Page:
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Her-Story, Then: Maria The Jewess

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Kate Mulgrew: Chemical engineer or alchemist? The proof may be in the pudding, but this Sister of Moses has a life story as shrouded in mist as the kitchen device named for her. I am Kate Mulgrew with her story. [music 00:15]

Alchemy, it calls to mind a mystic in a wizard's robe distilling gold from dross. But ancient alchemy was the equivalent of modern chemical engineering, and alchemists expanded the frontiers of science.

Alchemist Maria the Jewess is thought to have lived in Egypt between the first and third centuries A.D. Founding mother of Egyptian and Hellenistic alchemy, she was also honored as Maria the Prophetissa and a Sister of Moses.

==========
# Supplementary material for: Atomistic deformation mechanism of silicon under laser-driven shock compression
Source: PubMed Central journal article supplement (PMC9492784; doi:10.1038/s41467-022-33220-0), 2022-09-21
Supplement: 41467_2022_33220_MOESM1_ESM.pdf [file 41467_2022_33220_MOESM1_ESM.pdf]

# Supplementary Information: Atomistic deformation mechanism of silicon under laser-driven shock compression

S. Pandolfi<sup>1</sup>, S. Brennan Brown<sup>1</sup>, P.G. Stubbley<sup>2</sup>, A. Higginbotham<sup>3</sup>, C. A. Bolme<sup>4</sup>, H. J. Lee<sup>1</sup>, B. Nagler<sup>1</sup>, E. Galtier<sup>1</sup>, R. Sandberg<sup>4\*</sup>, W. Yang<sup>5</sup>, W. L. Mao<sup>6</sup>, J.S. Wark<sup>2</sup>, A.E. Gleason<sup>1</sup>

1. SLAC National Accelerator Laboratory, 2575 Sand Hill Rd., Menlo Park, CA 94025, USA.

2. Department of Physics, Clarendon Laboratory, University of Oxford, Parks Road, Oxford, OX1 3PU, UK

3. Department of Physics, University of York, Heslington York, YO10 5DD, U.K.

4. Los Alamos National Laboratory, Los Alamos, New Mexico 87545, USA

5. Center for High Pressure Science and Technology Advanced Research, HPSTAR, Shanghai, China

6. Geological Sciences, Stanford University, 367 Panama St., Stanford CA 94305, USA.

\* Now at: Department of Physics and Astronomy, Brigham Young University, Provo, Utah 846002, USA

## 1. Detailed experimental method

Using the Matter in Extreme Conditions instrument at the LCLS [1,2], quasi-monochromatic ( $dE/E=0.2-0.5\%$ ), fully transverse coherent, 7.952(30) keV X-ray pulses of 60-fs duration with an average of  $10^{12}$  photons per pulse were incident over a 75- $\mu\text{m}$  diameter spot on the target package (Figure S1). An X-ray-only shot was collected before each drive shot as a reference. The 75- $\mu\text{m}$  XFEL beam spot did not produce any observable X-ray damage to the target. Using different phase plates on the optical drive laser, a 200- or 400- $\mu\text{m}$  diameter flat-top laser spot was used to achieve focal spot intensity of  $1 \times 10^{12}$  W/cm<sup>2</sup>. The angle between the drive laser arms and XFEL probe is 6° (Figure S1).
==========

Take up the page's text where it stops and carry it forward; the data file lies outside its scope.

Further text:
Maria engineered distillation instruments still used today. She invented stills and reflux devices, including the kerotakis a reflux condenser which created a closed system in which to distill elements.

In early alchemy four basic elements, earth, water, fire, and air, could be rotated or transmuted into one another. Maria's kerotakis device rotated water into air by heating it to the boiling point, and turning it into steam.

The kerotakis was the precursor to a device used in kitchens today, the double boiler or bathed Marie, meaning Marie's bath. A double boiler is a closed distillation system used to melt chocolate and cook puddings, custards and delicate white sauces. The steam from the bottom pan bathes the top, cooking the ingredients without curdling them.

Those fond of a bowl of chocolate pudding on a cold winter's night are indebted to Maria for inventing a sophisticated and enduring household technology. The humble pudding, truly a transmutation worth its weight in gold, courtesy of Maria the Jewess, a woman of alchemy and engineering.

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Her story is made possible by the National Science Foundation.

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